I attended SEEK23, the annual conference of the Fellowship of Catholic University Students (FOCUS), At the beginning of January.
Our Sisters have attended this event for many years and we have seen it evolve from a modest gathering of several hundred college students in a hotel to a huge, intergenerational event with 17,000 participants.
One of the first people I encountered was a young priest who had volunteered with our Sisters as a seminarian and who currently serves in a university parish in the Rocky Mountain region.
I asked him about his ministry, thinking that a university parish must be a perfect combination of generations and backgrounds. I was surprised by his reply!
He told me that it is actually quite challenging for him and his collaborators because various age groups have different needs and aspirations and they live more or less separate lives. Whenever the parish invests time or funds in one age cohort, he said, the others seem to resent it.
How sad! I am passionate about bringing young people and seniors together and assumed this type of parish would be the ideal place for intergenerational relationships.
The young priest told me that he has succeeded in bringing teens to visit seniors in a local assisted living facility but it is more difficult to interest active seniors – those still living on their own – to get more involved in the parish where they could engage with families and young people.
We brainstormed about how he might motivate young people to perform acts of service for seniors living in the community – from shoveling snow and helping with home improvements, to helping seniors get up to speed with the internet and social media.
We also talked about how he might draw young and old together for social events in the parish as well as how the generations might join forces to serve the community.
Pro-life work, outreach to individuals dealing with poverty and groups living on the peripheries, ecological initiatives and fund-raising efforts to support refugees are just a few examples of charitable efforts that could be undertaken by intergenerational parish teams.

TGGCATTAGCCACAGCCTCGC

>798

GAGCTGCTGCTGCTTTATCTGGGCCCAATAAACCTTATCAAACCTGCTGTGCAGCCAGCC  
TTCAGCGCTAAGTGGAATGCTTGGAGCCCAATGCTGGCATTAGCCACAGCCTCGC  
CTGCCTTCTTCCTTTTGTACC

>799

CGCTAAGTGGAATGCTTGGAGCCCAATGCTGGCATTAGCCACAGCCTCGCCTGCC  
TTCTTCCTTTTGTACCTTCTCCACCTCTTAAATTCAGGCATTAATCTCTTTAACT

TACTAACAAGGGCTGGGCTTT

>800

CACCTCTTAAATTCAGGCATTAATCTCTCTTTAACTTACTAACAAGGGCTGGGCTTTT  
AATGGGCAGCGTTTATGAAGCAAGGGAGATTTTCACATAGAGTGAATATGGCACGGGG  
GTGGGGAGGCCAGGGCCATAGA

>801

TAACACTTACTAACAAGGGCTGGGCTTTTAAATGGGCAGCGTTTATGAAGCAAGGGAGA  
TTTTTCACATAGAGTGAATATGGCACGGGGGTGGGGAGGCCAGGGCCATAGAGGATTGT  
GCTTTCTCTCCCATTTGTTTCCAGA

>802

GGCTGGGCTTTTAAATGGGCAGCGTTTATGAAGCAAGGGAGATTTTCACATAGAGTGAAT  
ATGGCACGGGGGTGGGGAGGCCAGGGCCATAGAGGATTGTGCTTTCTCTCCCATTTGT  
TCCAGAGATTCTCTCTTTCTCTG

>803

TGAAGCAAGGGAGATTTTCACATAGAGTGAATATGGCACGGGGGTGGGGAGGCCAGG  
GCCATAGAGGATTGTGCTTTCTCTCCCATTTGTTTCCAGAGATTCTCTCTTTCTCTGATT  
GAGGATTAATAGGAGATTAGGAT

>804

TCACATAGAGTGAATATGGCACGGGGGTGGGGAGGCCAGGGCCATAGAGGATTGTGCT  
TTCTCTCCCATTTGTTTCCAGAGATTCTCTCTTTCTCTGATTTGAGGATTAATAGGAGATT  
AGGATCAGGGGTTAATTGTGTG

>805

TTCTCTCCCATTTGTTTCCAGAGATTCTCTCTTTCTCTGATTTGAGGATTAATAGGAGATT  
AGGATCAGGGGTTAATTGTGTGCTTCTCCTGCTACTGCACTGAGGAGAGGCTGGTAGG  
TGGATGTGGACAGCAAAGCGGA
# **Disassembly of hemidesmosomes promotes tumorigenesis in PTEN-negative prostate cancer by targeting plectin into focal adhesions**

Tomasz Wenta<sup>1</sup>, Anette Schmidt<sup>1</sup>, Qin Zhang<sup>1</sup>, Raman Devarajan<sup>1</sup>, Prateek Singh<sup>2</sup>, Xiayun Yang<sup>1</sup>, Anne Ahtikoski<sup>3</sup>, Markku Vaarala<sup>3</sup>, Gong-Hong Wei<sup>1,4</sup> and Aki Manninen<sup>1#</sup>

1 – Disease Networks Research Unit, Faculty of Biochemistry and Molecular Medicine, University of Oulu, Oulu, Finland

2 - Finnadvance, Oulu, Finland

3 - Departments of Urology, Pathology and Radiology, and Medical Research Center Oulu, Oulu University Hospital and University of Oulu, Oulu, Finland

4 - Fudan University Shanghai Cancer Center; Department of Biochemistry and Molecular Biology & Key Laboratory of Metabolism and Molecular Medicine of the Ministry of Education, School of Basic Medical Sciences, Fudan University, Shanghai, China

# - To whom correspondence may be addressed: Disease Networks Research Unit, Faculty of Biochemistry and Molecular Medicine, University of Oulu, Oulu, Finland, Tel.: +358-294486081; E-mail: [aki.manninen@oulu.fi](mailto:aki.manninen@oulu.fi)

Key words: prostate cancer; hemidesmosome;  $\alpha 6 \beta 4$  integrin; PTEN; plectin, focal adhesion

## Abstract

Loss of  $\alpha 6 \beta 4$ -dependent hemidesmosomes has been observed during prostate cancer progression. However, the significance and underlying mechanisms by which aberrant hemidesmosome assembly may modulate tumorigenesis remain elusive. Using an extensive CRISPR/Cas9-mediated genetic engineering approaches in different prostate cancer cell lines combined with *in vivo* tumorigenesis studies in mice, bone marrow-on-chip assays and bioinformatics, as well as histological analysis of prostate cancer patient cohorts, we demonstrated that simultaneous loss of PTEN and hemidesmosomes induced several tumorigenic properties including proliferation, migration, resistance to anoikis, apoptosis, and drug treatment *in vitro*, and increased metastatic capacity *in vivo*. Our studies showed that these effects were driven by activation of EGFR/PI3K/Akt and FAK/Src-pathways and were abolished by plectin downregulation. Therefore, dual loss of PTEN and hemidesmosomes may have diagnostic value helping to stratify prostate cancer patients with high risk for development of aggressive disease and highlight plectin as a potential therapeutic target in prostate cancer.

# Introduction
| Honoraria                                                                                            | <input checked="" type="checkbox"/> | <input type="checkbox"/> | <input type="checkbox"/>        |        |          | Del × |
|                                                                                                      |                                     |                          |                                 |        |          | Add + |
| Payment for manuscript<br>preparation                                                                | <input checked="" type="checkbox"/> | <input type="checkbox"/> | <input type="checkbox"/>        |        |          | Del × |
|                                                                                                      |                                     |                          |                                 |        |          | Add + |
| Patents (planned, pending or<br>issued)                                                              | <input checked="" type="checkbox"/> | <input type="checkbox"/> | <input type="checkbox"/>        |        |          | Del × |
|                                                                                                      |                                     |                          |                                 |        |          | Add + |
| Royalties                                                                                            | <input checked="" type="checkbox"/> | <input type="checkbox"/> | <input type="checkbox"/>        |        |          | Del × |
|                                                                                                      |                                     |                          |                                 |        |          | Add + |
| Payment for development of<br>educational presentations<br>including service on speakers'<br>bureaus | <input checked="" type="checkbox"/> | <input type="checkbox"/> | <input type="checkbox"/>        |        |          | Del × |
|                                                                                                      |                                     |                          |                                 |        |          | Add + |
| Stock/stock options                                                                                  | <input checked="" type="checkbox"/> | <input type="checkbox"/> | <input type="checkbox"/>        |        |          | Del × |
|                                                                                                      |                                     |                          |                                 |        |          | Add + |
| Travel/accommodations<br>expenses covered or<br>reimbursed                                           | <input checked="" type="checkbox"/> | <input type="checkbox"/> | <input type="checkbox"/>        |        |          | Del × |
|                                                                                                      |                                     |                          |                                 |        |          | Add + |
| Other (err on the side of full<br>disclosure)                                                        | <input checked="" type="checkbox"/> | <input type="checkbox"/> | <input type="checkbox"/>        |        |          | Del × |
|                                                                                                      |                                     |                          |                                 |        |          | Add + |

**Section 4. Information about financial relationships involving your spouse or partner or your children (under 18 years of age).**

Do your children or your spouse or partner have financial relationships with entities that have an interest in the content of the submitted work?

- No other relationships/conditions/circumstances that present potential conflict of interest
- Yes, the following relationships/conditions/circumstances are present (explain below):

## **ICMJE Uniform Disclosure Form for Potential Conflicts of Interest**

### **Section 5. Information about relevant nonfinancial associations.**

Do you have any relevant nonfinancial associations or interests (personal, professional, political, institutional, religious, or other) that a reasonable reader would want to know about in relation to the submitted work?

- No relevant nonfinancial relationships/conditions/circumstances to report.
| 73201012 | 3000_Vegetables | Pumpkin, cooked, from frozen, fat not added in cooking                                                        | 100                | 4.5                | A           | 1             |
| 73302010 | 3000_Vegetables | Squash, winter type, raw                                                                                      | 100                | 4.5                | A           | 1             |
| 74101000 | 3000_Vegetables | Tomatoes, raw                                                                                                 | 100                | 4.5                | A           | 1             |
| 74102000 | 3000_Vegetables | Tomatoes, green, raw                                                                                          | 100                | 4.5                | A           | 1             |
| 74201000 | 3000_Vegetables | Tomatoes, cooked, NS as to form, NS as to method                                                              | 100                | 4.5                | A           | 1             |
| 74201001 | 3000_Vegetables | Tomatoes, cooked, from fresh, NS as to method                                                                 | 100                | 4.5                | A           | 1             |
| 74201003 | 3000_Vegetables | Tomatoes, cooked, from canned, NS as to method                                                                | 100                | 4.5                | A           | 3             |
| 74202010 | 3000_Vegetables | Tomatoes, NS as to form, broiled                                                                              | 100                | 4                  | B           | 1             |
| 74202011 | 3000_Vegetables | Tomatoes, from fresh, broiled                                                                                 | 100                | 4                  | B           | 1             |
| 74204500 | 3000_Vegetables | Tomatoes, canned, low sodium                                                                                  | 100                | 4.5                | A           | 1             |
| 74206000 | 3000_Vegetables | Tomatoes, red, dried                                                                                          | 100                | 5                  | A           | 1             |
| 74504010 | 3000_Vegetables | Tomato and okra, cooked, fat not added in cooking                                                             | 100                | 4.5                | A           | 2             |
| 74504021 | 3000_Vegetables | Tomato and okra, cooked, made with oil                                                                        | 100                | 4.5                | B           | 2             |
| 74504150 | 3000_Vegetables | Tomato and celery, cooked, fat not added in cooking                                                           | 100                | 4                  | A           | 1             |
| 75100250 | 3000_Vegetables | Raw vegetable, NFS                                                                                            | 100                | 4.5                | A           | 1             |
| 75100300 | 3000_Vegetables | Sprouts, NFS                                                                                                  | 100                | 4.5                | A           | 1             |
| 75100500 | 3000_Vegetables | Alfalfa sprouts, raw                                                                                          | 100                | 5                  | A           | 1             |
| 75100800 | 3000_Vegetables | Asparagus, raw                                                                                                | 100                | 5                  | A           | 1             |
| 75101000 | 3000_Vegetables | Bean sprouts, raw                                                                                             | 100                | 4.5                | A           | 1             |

Finally, I shared my conviction that older people have a special calling – an authentic mission – to mentor the young and inspire hope in them by sharing their own life experiences, dreams and wisdom.
Even when they seem accomplished and self-sufficient, young people need guidance and affirmation. They want role models and wisdom figures who look on them with fresh eyes, discern their potential and accompany them on their journey.
In Christus Vivit Pope Francis wrote, “The community has an important role in the accompaniment of young people; it should feel collectively responsible for accepting, motivating, encouraging and challenging them. All should regard young people with understanding, appreciation and affection, and avoid constantly judging them or demanding of them a perfection beyond their years.”
Pope Francis’ words to older people shows his concern for them, but also shows his conviction that they have a serious responsibility to younger generations. As I feel myself aging, I sense this responsibility very personally.
In the book Sharing the Wisdom of Age he wrote, “What do I ask of the elders among whom I count myself? I call us to be memory keepers … where prayers of supplication and songs of praise support the larger community that works and struggles in the field of life.”
He continued, “I also urge that we take action! … As elders, we can thank the Lord for the many benefits we have received. … We can remind today’s young people, who have their own blend of heroic ambitions and insecurities, that a life without love is an arid life. We can tell fearful young people that anxiety about the future can be overcome.”
Clearly, the church as a whole, and each local faith community, needs seniors who take their unique mission seriously.
If you have witnessed initiatives fostering the role of seniors as mentors or the effective partnering of young people and elders in your parish, I would love to hear from you! Please email me at serenity@LittleSistersofthePoor.org.
Sister Constance Veit is the communications director for the Little Sisters of the Poor in the United States and an occupational therapist.